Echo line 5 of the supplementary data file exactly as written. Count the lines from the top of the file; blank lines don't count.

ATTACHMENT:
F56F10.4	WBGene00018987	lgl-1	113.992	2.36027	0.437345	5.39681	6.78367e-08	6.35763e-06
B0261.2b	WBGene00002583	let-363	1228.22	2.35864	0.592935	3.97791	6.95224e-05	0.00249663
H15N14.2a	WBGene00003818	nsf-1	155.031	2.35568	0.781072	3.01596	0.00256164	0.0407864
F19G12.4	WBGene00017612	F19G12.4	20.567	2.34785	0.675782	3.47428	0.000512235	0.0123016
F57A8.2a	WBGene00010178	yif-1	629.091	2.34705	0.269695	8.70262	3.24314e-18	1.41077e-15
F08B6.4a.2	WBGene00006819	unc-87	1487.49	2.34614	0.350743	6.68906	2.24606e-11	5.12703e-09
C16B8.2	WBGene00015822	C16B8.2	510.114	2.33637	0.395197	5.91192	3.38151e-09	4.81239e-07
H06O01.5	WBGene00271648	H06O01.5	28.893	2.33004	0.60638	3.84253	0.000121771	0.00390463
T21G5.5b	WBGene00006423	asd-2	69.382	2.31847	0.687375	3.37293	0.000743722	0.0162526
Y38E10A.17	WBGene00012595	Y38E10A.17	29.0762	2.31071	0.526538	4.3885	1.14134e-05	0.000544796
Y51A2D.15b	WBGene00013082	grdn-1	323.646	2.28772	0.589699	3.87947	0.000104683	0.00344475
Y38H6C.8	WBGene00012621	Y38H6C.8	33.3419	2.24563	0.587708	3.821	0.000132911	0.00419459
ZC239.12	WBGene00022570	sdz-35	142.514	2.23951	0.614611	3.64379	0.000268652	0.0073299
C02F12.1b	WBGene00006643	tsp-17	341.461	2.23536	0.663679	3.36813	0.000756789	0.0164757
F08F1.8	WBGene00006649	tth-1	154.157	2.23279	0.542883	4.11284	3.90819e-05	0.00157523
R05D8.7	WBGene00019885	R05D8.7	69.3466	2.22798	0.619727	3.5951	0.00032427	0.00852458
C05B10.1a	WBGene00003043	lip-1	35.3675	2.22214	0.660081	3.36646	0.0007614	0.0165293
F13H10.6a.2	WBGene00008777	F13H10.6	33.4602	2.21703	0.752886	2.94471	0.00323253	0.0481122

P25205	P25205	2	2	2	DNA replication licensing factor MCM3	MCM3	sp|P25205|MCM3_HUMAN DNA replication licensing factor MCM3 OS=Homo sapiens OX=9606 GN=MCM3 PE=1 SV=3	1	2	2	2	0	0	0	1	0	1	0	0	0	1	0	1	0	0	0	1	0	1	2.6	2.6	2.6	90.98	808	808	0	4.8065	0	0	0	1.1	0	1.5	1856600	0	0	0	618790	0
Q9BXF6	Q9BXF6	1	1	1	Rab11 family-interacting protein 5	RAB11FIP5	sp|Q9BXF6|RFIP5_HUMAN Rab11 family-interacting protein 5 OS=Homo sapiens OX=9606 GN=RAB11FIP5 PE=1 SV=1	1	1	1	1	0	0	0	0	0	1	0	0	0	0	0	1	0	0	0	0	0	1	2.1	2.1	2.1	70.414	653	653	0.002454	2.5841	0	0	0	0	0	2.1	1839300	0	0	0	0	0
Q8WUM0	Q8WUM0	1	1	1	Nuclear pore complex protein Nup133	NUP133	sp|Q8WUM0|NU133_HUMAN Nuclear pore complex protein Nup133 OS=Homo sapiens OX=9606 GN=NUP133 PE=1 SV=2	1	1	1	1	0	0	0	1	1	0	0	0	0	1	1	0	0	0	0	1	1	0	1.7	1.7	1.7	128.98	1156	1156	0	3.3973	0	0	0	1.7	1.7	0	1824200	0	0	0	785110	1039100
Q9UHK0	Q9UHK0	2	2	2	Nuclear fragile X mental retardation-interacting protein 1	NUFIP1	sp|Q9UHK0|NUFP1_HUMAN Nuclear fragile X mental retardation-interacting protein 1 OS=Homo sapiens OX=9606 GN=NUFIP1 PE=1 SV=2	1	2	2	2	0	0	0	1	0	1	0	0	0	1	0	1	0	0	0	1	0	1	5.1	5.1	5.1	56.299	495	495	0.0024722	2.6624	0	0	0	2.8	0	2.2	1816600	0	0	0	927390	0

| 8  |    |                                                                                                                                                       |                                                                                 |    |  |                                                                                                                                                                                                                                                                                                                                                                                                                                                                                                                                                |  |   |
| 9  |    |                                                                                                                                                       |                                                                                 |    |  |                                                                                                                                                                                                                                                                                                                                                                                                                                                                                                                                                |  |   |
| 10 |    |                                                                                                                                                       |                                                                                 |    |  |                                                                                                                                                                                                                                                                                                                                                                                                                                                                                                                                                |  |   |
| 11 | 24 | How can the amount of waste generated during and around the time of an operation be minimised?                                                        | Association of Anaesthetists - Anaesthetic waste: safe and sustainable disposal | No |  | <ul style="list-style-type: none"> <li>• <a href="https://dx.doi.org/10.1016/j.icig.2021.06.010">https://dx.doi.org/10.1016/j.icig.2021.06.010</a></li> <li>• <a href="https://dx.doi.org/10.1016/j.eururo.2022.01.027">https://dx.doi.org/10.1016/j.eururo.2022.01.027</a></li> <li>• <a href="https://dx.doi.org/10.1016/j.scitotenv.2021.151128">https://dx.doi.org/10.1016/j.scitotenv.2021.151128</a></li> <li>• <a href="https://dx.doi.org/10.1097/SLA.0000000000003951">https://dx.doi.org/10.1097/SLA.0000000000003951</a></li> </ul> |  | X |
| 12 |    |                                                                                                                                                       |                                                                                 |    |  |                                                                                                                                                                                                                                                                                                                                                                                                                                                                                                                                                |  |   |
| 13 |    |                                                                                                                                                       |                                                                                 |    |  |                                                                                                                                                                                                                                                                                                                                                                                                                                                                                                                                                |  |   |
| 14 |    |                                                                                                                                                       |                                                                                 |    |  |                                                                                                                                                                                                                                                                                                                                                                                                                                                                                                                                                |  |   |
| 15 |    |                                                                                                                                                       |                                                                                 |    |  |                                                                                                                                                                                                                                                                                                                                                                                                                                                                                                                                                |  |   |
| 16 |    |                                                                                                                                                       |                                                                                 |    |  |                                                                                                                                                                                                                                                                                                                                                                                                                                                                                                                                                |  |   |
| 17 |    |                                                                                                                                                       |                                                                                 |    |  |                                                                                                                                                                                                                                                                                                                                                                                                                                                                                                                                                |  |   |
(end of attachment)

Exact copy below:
F57A8.2a	WBGene00010178	yif-1	629.091	2.34705	0.269695	8.70262	3.24314e-18	1.41077e-15